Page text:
One Friday in January of 2014 our oldest child, Amy, who was seven at the time, came home from school feeling “not quite right.” She had a low grade fever and she was a little tired. She also had a nagging ache in her chest, which her pediatrician had attributed to growing pains for months. Amy was always an active child who loved playing with her brothers, doing gymnastics, crafts and reading. By Monday she was in the ICU at Boston Children’s Hospital and we learned that the ache was really a collapsed lung and a nine centimeter mass in her chest pushing on her lungs and heart. We were shocked. Even though Amy’s situation was already quite uncertain, we were still completely unaware of how intense the next year would be for our family.
The tumor was too large and too enmeshed in vital organs to be removed so Amy was placed on an aggressive chemo protocol designed for high risk rhabdomyosarcoma in the hope of shrinking the tumor. In April the tumor was removed and a final diagnosis was made – Type 3 Pleuropulmonary Blastoma (PPB). Amy’s final diagnosis brought new concerns for our family. In 2008 this incredibly rare cancer was linked to a specific genetic mutation, called Dicer1 cancer predisposition syndrome. We learned that not only Amy, but also her youngest brother, Hunter, had the Dicer1 mutation.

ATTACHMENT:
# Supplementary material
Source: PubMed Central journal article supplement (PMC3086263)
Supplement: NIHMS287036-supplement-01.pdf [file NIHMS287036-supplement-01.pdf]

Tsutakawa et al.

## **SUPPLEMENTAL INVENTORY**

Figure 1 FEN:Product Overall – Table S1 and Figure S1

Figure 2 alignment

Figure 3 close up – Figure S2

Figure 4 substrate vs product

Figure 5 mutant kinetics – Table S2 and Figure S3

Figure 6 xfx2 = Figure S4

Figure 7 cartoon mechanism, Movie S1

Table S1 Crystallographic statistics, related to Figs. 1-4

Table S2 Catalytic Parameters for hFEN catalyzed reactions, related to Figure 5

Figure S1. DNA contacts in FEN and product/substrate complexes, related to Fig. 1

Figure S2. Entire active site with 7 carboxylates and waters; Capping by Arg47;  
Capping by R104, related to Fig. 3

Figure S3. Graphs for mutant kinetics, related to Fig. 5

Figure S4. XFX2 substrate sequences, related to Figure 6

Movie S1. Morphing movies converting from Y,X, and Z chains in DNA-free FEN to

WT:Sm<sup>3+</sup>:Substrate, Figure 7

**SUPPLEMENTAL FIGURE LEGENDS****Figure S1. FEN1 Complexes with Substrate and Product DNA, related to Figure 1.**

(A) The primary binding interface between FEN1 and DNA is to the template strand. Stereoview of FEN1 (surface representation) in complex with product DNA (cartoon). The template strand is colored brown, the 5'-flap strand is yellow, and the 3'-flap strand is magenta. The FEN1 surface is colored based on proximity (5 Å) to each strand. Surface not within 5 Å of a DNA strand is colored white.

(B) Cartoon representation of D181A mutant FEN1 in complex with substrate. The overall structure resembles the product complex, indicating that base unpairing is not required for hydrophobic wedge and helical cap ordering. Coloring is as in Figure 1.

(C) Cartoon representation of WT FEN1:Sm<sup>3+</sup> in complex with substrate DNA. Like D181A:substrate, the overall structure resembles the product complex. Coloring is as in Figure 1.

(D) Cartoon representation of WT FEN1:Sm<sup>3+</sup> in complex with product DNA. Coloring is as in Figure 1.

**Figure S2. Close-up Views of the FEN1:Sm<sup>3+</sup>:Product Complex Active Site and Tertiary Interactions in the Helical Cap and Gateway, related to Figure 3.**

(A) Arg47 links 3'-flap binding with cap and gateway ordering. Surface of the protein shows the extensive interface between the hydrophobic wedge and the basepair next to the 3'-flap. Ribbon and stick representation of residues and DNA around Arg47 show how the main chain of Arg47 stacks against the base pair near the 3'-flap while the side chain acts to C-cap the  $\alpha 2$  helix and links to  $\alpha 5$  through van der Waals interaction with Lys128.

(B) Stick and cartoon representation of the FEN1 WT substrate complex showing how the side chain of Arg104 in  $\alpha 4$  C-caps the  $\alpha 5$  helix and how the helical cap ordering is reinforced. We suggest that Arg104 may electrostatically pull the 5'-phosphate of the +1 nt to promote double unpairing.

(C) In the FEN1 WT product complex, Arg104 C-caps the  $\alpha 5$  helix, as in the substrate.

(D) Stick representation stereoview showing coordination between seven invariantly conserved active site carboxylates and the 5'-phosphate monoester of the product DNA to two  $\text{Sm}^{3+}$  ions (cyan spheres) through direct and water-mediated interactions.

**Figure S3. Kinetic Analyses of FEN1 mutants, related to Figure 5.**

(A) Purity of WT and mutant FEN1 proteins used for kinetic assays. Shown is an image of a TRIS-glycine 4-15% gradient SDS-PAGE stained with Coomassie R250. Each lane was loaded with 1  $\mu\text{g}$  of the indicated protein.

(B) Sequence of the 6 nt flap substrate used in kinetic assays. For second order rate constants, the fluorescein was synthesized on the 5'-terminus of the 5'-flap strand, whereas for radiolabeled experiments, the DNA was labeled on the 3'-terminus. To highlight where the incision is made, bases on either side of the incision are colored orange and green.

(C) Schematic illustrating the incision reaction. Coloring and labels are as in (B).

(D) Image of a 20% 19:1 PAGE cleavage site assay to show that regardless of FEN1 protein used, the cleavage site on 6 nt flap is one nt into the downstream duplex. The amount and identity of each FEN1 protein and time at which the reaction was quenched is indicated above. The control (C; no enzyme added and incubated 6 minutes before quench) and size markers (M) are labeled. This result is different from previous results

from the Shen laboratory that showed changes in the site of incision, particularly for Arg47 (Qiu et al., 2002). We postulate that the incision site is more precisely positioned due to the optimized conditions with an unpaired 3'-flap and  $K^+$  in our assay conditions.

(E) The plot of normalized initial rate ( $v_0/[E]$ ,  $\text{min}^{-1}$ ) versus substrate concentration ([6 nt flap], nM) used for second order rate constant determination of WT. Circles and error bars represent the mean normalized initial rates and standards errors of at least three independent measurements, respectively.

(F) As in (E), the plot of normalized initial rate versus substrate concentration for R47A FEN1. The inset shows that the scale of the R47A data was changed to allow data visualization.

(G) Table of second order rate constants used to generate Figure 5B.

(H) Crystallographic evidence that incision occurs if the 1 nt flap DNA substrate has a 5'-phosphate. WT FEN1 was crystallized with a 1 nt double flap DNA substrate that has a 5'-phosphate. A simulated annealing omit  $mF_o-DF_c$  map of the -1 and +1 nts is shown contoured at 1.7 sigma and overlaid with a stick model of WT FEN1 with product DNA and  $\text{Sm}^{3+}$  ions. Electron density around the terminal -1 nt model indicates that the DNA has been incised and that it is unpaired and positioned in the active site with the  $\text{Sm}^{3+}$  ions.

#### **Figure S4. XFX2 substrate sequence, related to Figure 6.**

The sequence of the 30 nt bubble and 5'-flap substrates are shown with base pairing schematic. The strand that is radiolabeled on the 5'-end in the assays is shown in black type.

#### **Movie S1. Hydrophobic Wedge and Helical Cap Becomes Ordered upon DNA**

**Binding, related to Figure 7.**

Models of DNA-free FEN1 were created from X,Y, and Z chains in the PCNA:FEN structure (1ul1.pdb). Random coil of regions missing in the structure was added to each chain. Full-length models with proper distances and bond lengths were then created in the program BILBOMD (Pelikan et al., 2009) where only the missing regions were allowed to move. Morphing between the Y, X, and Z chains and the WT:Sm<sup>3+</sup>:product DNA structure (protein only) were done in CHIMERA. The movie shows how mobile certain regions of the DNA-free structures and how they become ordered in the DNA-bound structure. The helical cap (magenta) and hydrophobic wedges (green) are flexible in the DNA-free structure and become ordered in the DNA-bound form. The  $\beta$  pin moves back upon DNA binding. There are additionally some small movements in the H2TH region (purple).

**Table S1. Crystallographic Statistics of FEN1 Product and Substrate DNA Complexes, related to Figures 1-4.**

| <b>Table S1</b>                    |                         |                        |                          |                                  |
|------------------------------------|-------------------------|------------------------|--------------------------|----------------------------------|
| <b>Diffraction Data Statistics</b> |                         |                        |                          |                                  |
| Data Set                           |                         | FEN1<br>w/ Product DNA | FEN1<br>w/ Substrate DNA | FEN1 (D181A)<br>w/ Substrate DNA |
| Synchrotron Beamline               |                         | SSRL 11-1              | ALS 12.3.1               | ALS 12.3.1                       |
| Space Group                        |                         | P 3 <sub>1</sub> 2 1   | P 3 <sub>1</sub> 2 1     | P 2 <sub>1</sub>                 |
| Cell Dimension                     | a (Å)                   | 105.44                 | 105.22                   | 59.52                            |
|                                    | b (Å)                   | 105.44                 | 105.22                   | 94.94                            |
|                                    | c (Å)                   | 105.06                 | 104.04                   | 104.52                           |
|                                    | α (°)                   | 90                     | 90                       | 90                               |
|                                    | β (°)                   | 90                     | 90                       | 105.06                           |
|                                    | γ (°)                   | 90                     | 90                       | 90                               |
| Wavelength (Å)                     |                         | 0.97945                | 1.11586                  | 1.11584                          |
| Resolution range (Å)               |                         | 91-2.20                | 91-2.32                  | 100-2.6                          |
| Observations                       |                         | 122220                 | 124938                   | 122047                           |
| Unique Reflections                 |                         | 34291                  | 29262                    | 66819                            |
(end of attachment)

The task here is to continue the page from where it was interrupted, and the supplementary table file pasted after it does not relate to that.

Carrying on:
PPB has a track record of being resistant to chemotherapy and radiation, so a more aggressive surgery was recommended. In September Amy had her left lung and diaphragm removed, as well as part of the lining around her heart. Two days after Amy’s surgery a CT scan of 20 month old Hunter revealed a 3 cm cystic tumor on his lower left lung, characteristic of type 1 PPB, the earliest stage of the disease. Although we were shocked and saddened by the news, we quickly took action to rid Hunter of cancer and he had surgery two weeks later. Thankfully chemotherapy was not recommended for his type 1 PPB.
There have been many other trials for Amy, she had two brain biopsies after a suspicious spot was found, a total of ten surgeries related to her treatment, months of illness caused by harsh chemo, a month of radiation and its side effects. She had to put so much of her childhood on hold. She missed out on countless days of school, and she often felt lonely and sad, on top of being sick.
Now sixteen months later we are grateful that she and Hunter are currently “no evidence of disease.” Amy even has a fuzzy head of blond hair but she still struggles with the emotional toll her disease and treatment took on her. Our family has a strong faith and we know that God will use this experience for good in Amy’s life. Amy feels great empathy for suffering children and she hopes to be able to help them in some way. Amy is wise beyond her years and she is very aware of the reality of her situation and how close she came to death. She also feels sadness that not all the children will be healed as she was. So although the phase of awful medicine and painful procedures is behind her, the emotional healing will take many more years. Our family is honored and touched to have been asked to be a part of the first group of Rett’s Roost. Connecting with other families and children who have a shared history will be instrumental in the recovery process.